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Thanks tlk. Ive been interested in this for awhile. Ive heard of a couple studies with results that varied greatly. From what Ive learned I believe, like most, the tooth wear was all we had forever and its pretty much been proven to not be that accurate. Once again, from what I know and my opinion, the lab is more accurate than tooth wear but not totally accurate. The lab I use says THEY THINK they are 90% accurate. For those of you that may not know, the lab charges about $30 a deer to age. We have been sending to the lab for 3 years and we always try to estimate age by tooth wear as well. Of course we compare that to what we estimated when we saw the deer alive and after examining after killing. As you said, known history on the deer is the best way but thats not always very practical. We have a large place with about 25 cameras at feeder setups and we run them year round and we still have bucks show up ALL THE TIME that we have never seen before, much less have multiple year history on. Our intention is to continue to estimate age on the hoof as best we can and then compare that to tooth wear and lab aging. After enough years we will evaluate what we find. Of course, aging after death doesnt do much for that deer so aging after the kill is all about LEARNING HOW TO AGE ON THE HOOF.


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Re: Aging by teeth/lab [Re: Wytex] #8070603 11/30/20 11:30 PM
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Originally Posted by Wytex
The annuli aging is only accurate in areas with extreme climate changes through the seasons.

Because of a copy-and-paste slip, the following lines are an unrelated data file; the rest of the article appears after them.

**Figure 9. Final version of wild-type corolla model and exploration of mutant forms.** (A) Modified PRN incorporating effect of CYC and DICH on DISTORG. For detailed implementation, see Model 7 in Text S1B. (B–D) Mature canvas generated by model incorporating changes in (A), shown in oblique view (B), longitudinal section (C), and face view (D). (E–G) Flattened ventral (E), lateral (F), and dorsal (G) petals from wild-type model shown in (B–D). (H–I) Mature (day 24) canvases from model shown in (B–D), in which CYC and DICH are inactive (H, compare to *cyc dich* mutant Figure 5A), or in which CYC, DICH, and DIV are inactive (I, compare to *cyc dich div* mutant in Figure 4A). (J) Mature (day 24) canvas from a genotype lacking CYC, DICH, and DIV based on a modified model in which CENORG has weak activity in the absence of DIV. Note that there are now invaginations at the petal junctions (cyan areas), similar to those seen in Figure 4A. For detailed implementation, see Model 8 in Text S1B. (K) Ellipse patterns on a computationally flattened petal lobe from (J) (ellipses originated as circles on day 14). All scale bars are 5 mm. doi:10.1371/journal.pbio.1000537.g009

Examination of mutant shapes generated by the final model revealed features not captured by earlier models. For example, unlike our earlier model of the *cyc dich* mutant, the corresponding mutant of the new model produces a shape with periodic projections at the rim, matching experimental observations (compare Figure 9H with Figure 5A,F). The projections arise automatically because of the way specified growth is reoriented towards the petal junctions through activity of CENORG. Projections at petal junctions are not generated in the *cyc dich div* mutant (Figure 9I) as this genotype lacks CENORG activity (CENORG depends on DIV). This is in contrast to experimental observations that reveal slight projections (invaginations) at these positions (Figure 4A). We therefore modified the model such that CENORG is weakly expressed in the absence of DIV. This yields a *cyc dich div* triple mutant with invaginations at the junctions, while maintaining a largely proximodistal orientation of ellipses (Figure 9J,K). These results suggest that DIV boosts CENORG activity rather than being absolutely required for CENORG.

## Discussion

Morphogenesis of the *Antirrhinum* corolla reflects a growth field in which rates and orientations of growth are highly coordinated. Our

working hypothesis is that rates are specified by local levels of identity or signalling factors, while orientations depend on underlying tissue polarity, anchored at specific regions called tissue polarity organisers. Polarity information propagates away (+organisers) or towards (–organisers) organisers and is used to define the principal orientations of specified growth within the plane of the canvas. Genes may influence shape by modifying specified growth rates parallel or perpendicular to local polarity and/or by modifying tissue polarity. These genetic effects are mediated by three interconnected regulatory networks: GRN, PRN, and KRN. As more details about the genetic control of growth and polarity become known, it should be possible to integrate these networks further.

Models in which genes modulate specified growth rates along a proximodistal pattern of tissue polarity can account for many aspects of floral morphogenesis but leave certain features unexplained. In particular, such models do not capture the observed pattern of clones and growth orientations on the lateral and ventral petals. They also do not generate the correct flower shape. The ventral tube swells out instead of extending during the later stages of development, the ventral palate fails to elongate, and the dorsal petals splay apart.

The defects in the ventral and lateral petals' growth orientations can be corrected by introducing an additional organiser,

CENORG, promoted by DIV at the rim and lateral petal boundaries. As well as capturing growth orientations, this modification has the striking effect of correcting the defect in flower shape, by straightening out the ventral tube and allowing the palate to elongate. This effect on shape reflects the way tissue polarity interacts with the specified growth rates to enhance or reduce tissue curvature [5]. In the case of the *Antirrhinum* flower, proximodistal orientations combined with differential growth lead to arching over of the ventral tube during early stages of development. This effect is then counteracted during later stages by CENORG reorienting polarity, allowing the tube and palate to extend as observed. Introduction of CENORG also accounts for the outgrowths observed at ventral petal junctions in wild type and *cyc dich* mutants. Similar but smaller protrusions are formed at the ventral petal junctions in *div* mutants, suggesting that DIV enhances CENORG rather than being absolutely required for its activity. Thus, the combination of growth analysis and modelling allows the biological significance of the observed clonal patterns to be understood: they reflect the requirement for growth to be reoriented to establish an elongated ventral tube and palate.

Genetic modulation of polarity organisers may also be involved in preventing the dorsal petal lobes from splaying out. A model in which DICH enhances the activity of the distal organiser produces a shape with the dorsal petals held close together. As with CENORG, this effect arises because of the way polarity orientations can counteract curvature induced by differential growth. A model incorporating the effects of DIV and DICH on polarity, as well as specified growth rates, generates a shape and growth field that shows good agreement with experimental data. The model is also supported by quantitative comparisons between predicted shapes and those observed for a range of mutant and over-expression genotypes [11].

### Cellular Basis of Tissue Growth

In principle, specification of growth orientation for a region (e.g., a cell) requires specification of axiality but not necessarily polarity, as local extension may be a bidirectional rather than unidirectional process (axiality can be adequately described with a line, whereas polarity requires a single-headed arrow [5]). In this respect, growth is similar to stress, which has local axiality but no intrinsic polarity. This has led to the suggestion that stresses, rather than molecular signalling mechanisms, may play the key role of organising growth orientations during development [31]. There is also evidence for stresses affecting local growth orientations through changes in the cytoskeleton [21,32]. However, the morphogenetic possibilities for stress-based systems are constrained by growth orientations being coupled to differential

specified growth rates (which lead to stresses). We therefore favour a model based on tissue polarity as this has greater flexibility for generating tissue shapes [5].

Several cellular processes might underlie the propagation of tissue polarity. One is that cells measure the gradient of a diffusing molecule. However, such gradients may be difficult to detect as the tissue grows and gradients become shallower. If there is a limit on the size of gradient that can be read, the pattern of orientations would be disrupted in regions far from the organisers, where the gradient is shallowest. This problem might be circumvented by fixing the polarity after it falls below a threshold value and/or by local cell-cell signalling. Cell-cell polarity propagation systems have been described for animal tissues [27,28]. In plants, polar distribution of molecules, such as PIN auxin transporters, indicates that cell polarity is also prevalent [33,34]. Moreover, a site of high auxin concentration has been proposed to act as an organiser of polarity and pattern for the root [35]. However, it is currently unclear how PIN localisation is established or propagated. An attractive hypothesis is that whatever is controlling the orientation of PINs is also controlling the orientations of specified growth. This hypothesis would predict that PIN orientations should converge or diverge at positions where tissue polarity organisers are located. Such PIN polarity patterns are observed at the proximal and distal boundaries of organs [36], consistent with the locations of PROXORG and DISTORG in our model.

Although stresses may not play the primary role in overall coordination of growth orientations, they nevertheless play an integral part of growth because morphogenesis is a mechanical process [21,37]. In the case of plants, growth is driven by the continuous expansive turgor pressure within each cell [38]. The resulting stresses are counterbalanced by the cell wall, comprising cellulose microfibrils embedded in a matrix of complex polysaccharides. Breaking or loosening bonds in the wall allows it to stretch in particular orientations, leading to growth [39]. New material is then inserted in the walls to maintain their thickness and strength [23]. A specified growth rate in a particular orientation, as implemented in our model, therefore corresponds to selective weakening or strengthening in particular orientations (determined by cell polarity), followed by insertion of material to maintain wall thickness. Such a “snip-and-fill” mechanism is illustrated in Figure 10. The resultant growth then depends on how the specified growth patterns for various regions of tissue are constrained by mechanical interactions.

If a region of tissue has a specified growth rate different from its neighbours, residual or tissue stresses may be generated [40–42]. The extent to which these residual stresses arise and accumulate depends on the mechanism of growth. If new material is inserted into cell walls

The tooth aging lab at WG&F has been proven to be within 1 year on known aged deer. They did a study with Montana State I believe and our lab was more accurate. Montana had the known aged deer and sent the teeth to Wyoming for aging.
The animals must live in areas with extremes from summer to winter.
Down south the annuli method is not very accurate at all.

From the WG&F website:

Disclaimer
Tooth aging through cementum annuli analyses is a subjective science. The accuracy is based on the experience and skill of the analyst. At present the Wyoming Game and Fish Forensic and Fish Health Laboratory has four trained and experienced cementum annuli analysts. When compared to known age samples the laboratory, on average, reports less than one year difference from the known age. One analyst reads all the teeth and the a second analyst will read and verify 45%-50% of the teeth. The laboratory aging of game teeth is considerably more accurate then field aging but we still recognize an error of plus or minus one year. If you have any questions please feel free to contact the Wyoming Game and Fish Wildlife Forensic and Fish Health Laboratory at (307)766-5616.